Arms sales to Middle East have increased dramatically, new research shows
Arms flows to the Middle East have increased by 87 percent over the past five years and now account for more than a third of the global trade, the Stockholm International Peace Research Institute (SIPRI) said in a report on Sunday.
The defence think-tank’s annual survey showed that Saudi Arabia became the world’s top arms importer in 2014-18, with an increase of 192 percent over the preceding five years. Egypt, Algeria, the United Arab Emirates and Iraq also ranked in the top 10 list of global arms buyers. Sipri measures the volume of deliveries of arms, not the dollar value of deals. The volume of deliveries to each country tends to fluctuate, so it presents data in five-year periods that offer a more stable indication of trends.
The new report shows how the United States and European nations sell jets, jeeps and other gear that is used in controversial wars in Yemen and beyond, SIPRI researcher Pieter Wezeman told Middle East Eye.
“Weapons from the US, the UK and France are in high demand in the Gulf, where conflicts and tensions are rife. Russia, France and Germany dramatically increased their arms sales to Egypt in the past five years,” Wezeman said.
The growth in Middle Eastern imports was in part driven by the need to replace military gear that was deployed and destroyed in Yemen, Syria, Iraq and Libya, he said, adding that it was also driven by political tensions and a regional arms race.
The UAE, Saudi Arabia and Israel are readying for a potential conflict with Iran, the 12-page report said. Also, the UAE, Saudi Arabia and others have been involved in a diplomatic crisis with Qatar since 2017.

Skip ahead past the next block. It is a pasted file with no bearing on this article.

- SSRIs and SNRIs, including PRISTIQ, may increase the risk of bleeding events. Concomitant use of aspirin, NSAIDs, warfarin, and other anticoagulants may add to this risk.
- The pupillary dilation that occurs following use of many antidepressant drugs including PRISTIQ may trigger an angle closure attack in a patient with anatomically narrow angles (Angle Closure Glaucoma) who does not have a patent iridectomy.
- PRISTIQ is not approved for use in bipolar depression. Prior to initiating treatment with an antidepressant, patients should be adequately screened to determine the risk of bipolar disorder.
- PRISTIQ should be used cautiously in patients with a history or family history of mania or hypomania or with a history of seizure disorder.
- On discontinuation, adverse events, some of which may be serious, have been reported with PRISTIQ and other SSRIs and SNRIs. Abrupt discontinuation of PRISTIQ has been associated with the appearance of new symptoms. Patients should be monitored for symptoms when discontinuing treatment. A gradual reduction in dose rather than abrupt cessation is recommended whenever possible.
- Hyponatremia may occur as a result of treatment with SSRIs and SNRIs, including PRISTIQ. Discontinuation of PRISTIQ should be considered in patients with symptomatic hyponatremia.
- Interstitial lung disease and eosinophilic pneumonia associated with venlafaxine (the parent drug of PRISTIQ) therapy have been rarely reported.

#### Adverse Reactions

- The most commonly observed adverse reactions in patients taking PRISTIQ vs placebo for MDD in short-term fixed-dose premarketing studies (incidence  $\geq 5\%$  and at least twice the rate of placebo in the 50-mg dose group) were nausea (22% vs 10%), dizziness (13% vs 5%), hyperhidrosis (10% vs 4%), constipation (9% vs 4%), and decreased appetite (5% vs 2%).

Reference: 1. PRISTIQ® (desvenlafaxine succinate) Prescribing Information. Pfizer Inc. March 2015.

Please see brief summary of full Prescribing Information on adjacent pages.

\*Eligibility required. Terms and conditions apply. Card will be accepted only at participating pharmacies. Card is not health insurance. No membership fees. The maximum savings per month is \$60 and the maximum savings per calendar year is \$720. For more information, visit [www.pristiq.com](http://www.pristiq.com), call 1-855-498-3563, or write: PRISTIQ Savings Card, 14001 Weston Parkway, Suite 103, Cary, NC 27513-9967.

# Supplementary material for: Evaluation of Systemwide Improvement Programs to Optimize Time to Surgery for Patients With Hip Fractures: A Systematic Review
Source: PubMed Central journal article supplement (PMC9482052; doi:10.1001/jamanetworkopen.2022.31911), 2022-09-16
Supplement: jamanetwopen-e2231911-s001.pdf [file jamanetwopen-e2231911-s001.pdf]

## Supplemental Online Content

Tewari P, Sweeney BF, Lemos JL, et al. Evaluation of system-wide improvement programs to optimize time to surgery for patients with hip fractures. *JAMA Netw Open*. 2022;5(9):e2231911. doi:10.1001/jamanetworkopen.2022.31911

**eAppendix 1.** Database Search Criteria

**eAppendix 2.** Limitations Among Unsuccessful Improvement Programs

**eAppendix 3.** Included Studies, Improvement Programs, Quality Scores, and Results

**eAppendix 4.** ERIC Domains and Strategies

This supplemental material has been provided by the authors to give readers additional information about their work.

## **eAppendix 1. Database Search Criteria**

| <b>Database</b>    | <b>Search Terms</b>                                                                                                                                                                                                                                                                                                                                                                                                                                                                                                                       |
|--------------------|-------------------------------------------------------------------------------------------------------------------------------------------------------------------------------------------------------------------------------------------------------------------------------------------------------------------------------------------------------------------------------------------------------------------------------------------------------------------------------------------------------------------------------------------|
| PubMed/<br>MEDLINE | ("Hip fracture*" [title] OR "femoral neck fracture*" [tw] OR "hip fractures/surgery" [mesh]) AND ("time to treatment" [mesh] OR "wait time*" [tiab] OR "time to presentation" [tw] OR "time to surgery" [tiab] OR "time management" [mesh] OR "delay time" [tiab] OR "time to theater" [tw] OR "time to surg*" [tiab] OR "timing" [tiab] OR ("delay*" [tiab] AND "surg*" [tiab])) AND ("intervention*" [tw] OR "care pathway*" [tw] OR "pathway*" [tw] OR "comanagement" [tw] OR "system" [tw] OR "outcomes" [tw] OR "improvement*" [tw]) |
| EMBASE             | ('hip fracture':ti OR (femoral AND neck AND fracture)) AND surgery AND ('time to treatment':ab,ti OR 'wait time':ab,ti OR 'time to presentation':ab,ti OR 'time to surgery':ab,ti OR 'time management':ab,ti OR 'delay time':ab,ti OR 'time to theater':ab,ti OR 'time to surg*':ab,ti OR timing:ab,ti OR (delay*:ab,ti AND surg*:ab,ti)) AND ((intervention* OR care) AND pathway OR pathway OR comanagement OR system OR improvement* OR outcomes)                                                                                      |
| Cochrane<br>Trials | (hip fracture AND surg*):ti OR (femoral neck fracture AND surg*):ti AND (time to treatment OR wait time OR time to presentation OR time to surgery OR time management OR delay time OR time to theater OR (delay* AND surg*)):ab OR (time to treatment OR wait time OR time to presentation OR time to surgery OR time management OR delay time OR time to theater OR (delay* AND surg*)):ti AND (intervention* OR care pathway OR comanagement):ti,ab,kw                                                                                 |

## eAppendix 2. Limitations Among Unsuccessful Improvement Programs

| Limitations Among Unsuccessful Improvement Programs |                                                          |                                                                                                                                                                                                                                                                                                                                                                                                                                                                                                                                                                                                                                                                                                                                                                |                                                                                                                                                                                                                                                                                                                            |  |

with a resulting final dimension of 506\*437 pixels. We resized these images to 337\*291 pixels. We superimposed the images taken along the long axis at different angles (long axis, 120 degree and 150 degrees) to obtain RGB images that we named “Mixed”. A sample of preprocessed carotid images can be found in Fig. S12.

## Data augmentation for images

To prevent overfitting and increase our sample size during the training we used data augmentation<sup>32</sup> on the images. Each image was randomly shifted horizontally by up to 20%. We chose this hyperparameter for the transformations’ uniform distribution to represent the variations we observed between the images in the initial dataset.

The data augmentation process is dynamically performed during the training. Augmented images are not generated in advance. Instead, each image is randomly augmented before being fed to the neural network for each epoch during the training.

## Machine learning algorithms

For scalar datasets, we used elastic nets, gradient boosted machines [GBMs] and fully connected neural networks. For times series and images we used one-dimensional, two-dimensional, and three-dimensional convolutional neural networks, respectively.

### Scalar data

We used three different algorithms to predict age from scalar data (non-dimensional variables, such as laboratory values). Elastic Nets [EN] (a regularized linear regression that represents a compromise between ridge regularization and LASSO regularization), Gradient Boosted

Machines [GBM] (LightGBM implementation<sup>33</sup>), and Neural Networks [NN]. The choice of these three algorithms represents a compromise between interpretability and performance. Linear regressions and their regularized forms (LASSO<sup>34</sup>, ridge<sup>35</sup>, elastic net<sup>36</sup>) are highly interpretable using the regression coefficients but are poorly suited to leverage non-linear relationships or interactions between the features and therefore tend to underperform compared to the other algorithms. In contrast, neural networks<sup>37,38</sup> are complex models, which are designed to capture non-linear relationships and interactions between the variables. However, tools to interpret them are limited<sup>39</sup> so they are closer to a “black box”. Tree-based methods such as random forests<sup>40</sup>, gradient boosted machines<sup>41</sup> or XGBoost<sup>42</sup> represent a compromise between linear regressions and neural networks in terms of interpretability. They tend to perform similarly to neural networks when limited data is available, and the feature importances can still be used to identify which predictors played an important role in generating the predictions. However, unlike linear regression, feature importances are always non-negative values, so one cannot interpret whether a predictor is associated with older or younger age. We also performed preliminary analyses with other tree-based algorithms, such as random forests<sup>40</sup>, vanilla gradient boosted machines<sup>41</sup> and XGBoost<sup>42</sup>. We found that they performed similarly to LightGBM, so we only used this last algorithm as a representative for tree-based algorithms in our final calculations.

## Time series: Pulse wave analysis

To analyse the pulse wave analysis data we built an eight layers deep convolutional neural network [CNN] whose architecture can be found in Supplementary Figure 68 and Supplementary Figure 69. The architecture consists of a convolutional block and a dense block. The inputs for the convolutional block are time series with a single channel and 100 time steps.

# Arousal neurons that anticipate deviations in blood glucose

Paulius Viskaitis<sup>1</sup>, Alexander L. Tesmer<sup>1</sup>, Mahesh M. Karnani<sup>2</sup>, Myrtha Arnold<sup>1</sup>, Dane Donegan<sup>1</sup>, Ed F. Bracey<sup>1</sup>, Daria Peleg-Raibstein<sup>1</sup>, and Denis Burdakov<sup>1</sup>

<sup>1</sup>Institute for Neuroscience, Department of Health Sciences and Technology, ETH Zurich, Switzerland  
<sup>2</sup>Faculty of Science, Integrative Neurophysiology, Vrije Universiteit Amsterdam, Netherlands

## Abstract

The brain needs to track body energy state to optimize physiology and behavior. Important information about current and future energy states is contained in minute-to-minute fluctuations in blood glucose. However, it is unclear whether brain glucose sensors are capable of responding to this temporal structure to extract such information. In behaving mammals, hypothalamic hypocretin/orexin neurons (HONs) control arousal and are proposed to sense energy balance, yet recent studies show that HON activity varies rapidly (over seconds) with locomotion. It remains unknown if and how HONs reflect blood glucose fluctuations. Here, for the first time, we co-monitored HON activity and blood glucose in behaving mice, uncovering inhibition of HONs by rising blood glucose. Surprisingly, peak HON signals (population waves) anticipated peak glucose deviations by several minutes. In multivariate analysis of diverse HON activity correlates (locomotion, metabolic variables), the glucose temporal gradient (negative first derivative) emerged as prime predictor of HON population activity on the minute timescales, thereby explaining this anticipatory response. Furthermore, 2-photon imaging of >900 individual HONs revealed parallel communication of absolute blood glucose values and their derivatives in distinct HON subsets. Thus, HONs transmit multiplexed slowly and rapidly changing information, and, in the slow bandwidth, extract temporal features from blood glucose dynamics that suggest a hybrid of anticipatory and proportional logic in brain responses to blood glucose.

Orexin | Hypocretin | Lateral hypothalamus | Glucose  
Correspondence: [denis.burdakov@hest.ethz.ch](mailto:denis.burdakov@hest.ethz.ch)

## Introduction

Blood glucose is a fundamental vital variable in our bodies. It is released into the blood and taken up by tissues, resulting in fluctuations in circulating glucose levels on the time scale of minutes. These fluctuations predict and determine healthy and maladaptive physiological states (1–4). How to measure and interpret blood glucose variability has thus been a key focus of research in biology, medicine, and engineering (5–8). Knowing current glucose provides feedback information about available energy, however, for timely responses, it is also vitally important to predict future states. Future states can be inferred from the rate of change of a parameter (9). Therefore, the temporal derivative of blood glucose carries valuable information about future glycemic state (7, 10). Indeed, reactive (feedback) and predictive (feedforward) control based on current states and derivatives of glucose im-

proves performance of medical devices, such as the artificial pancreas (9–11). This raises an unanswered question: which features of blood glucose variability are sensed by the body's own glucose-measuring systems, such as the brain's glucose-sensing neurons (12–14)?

In 2014-18, Saudi Arabia received 94 combat jets fitted with cruise missiles and other guided weapons from the US and Britain.
Over the next five years, it is set to get 98 more jets, 83 tanks and defensive missile systems from the US, 737 armoured vehicles from Canada, five frigates from Spain, and Ukrainian short-range ballistic missiles.
In 2014-18, the UAE received missile defence systems, short-range ballistic missiles and about 1,700 armoured personnel carriers from the US as well as three Corvettes from France, the report says.
Qatari weapons imports increased by 225 percent over the period, including German tanks, French combat aircraft and Chinese short-range ballistic missiles. It is set to receive 93 combat aircraft from the US, France and Britain and four frigates from Italy.
Iran, which is under a UN arms embargo, accounted for just 0.9 percent of Middle Eastern imports.
For Wezeman, “the gap is widening” between Iran and its foes across the Gulf, which have obtained more advanced weapons.
US remains top arms seller
The US has retained its position as the world’s top arms seller. Its exports grew by 29 percent over the past five years, with more than half of its shipments (52 percent) going to customers in the Middle East.
British sales grew by 5.9 percent over the same period. A total of 59 percent of UK arms deliveries went to the Middle East - most of it combat aircraft destined for Saudi Arabia and Oman.
Arming governments in the turbulent Middle East is increasingly controversial in the West, said Patrick Wilcken, an arms control specialist with Amnesty International, a UK-based rights watchdog.